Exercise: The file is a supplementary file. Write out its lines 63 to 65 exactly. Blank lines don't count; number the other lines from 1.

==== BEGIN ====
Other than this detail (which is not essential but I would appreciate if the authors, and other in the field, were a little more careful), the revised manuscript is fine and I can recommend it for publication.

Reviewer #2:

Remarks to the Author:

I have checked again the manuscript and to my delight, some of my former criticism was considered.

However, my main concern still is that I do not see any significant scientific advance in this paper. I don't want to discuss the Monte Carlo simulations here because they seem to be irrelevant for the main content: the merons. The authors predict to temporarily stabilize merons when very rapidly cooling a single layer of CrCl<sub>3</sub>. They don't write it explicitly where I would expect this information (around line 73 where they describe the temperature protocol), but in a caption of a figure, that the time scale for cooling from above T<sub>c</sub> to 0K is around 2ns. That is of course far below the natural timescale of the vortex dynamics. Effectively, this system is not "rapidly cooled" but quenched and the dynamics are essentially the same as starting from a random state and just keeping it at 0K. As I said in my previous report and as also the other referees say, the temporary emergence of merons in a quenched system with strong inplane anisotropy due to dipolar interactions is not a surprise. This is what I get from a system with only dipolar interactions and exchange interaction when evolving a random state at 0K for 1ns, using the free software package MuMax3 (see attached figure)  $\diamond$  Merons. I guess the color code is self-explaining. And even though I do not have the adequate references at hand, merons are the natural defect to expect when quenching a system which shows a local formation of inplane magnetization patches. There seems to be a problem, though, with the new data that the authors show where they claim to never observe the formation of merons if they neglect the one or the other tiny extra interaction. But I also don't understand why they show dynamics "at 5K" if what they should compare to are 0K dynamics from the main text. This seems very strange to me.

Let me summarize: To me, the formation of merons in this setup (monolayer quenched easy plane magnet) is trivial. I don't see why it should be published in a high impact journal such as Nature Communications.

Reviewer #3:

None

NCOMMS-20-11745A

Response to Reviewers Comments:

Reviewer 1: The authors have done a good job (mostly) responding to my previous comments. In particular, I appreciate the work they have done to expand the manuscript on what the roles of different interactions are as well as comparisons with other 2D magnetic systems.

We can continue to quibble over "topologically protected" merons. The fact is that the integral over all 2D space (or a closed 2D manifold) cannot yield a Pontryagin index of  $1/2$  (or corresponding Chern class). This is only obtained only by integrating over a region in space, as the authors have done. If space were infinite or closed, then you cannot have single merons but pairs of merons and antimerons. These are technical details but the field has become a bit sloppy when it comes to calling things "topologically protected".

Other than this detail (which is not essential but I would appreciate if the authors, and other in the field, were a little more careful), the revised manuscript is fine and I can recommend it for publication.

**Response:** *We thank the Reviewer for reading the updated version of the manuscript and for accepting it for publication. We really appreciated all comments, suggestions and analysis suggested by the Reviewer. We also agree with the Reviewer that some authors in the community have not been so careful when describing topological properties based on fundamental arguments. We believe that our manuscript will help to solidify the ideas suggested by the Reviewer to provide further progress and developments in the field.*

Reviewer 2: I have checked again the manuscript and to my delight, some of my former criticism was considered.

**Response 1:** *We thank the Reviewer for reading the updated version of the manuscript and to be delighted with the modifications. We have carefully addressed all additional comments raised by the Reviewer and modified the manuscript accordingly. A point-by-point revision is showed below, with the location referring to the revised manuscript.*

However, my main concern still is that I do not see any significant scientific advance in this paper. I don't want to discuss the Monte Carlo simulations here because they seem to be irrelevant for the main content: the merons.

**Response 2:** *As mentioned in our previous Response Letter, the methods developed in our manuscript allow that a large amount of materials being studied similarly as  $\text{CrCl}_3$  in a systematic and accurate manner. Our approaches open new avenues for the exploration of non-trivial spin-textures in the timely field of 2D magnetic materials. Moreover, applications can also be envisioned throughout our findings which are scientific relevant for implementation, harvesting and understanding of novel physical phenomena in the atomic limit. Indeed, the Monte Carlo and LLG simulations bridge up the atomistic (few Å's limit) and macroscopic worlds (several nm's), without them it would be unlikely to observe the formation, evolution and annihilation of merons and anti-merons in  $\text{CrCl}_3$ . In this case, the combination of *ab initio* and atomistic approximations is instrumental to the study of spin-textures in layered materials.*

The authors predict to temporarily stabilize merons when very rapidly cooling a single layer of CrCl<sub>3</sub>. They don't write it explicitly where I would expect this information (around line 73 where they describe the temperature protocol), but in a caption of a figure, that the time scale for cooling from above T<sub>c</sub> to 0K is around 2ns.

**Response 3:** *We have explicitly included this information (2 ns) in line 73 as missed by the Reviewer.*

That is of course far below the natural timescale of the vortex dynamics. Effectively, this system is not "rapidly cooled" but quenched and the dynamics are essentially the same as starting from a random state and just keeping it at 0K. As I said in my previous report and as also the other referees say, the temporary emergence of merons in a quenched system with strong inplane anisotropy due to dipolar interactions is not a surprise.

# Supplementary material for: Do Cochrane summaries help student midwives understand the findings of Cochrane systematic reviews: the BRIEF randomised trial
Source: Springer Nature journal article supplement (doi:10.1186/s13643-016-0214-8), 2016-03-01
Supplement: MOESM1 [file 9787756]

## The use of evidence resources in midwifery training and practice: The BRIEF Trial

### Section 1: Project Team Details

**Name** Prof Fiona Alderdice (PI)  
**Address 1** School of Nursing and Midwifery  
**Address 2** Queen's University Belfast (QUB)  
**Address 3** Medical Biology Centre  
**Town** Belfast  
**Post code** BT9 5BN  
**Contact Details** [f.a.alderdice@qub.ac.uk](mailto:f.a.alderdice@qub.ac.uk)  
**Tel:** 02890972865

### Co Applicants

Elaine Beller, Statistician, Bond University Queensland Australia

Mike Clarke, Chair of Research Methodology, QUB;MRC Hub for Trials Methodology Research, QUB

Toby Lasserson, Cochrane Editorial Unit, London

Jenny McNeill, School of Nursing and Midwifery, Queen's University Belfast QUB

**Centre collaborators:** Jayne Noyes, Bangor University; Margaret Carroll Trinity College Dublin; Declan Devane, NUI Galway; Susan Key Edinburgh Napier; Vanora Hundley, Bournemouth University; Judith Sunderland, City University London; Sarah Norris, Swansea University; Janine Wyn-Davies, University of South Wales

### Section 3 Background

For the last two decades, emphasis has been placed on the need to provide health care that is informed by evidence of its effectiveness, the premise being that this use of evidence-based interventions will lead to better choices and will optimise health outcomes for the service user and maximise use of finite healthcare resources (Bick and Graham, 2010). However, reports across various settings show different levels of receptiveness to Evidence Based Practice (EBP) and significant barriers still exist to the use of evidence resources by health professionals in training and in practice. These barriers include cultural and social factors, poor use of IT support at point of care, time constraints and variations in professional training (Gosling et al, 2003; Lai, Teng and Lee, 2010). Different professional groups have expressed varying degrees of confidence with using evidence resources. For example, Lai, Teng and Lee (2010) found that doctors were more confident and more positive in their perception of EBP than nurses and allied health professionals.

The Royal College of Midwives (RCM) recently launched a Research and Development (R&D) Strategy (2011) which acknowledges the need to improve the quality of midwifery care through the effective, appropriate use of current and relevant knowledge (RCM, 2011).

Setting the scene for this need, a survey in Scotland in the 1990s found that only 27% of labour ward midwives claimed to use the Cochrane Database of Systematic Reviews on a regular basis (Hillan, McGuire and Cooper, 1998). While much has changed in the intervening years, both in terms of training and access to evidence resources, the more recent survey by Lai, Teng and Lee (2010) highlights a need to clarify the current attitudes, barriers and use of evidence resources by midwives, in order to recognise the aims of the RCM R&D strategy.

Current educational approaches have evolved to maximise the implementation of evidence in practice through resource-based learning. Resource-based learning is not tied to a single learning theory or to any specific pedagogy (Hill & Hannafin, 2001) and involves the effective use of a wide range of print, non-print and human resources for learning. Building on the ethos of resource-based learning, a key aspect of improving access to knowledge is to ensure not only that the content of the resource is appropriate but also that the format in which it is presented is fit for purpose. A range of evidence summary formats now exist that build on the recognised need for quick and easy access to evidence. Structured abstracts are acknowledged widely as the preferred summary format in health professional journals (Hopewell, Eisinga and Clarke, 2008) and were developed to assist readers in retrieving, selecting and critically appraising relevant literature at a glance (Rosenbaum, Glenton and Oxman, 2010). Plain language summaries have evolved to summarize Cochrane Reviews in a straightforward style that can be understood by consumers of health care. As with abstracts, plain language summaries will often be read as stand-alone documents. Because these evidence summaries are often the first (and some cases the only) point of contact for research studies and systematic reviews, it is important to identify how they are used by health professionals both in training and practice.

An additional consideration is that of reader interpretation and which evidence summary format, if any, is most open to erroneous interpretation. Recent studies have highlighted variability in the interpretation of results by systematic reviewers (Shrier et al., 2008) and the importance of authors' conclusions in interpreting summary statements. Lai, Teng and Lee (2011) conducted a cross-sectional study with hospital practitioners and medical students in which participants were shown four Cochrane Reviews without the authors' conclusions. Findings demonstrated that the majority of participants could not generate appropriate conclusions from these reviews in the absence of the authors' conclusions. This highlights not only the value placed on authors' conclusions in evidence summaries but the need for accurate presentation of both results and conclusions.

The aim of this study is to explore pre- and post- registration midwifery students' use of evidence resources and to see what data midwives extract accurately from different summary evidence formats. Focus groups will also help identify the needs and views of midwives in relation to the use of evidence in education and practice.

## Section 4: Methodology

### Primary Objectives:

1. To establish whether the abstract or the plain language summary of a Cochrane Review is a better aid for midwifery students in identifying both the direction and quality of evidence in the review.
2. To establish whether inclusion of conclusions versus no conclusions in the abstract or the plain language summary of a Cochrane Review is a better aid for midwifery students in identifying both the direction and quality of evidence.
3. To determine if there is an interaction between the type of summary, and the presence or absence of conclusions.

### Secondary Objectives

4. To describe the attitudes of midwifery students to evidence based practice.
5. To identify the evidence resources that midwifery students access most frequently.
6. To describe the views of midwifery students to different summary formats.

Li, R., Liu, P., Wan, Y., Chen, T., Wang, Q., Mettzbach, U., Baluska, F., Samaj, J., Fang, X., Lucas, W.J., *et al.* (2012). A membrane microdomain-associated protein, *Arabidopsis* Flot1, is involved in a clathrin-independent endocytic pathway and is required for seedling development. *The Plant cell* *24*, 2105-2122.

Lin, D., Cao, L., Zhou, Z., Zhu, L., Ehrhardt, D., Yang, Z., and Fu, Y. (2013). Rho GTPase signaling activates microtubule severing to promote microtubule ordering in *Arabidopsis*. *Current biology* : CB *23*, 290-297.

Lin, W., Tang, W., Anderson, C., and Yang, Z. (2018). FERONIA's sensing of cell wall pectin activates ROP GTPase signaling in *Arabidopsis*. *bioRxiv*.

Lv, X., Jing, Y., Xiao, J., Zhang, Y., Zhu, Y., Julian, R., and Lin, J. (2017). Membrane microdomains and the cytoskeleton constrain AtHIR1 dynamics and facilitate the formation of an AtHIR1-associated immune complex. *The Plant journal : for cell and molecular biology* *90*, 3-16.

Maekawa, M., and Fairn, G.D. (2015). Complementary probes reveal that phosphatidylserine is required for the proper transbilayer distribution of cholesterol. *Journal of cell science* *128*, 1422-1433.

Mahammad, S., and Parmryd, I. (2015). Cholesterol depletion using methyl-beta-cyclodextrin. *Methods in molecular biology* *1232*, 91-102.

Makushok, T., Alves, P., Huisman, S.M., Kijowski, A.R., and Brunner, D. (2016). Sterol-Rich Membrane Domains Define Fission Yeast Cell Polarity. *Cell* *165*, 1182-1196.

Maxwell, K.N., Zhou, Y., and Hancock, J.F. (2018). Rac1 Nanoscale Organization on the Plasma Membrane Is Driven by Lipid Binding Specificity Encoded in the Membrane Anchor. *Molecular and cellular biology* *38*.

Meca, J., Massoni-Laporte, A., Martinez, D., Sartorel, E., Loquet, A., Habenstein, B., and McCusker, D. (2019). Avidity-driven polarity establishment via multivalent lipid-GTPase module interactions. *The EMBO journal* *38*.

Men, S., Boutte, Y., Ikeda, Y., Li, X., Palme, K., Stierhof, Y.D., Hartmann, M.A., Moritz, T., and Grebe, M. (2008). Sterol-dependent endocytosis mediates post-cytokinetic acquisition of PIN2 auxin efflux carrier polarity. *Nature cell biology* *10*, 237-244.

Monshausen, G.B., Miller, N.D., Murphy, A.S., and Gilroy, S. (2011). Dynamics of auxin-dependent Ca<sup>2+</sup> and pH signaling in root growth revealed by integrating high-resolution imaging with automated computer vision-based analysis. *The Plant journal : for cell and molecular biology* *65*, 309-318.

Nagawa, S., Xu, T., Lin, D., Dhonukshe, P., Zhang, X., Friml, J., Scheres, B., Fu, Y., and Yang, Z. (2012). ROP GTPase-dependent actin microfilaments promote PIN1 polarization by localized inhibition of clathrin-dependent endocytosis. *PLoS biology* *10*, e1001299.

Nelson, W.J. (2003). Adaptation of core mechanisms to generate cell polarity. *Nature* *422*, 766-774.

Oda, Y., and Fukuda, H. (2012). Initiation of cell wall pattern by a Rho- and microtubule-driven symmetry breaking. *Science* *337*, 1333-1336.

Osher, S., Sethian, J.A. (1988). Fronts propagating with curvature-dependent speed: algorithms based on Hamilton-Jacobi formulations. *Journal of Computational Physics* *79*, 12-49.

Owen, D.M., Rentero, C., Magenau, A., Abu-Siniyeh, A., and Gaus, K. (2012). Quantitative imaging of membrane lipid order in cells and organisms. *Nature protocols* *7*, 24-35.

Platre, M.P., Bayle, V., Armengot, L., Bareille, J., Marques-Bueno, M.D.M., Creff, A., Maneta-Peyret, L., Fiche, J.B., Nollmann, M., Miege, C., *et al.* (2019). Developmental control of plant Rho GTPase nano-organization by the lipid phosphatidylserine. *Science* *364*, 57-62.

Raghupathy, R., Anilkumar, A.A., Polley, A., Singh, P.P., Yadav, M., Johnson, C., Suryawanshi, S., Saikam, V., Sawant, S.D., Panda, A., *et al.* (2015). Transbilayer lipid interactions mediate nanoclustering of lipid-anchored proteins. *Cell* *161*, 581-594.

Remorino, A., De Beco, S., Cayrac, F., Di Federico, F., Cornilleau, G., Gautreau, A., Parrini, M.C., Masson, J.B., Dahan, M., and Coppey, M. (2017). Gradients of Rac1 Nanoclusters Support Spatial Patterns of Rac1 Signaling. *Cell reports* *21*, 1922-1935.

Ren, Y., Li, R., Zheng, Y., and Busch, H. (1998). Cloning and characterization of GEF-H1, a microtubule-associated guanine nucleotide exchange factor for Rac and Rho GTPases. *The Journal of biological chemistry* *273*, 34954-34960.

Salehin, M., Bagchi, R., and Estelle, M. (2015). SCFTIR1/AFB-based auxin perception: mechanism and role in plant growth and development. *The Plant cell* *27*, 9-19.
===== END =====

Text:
Makushok, T., Alves, P., Huisman, S.M., Kijowski, A.R., and Brunner, D. (2016). Sterol-Rich Membrane Domains Define Fission Yeast Cell Polarity. *Cell* *165*, 1182-1196.

Maxwell, K.N., Zhou, Y., and Hancock, J.F. (2018). Rac1 Nanoscale Organization on the Plasma Membrane Is Driven by Lipid Binding Specificity Encoded in the Membrane Anchor. *Molecular and cellular biology* *38*.

Meca, J., Massoni-Laporte, A., Martinez, D., Sartorel, E., Loquet, A., Habenstein, B., and McCusker, D. (2019). Avidity-driven polarity establishment via multivalent lipid-GTPase module interactions. *The EMBO journal* *38*.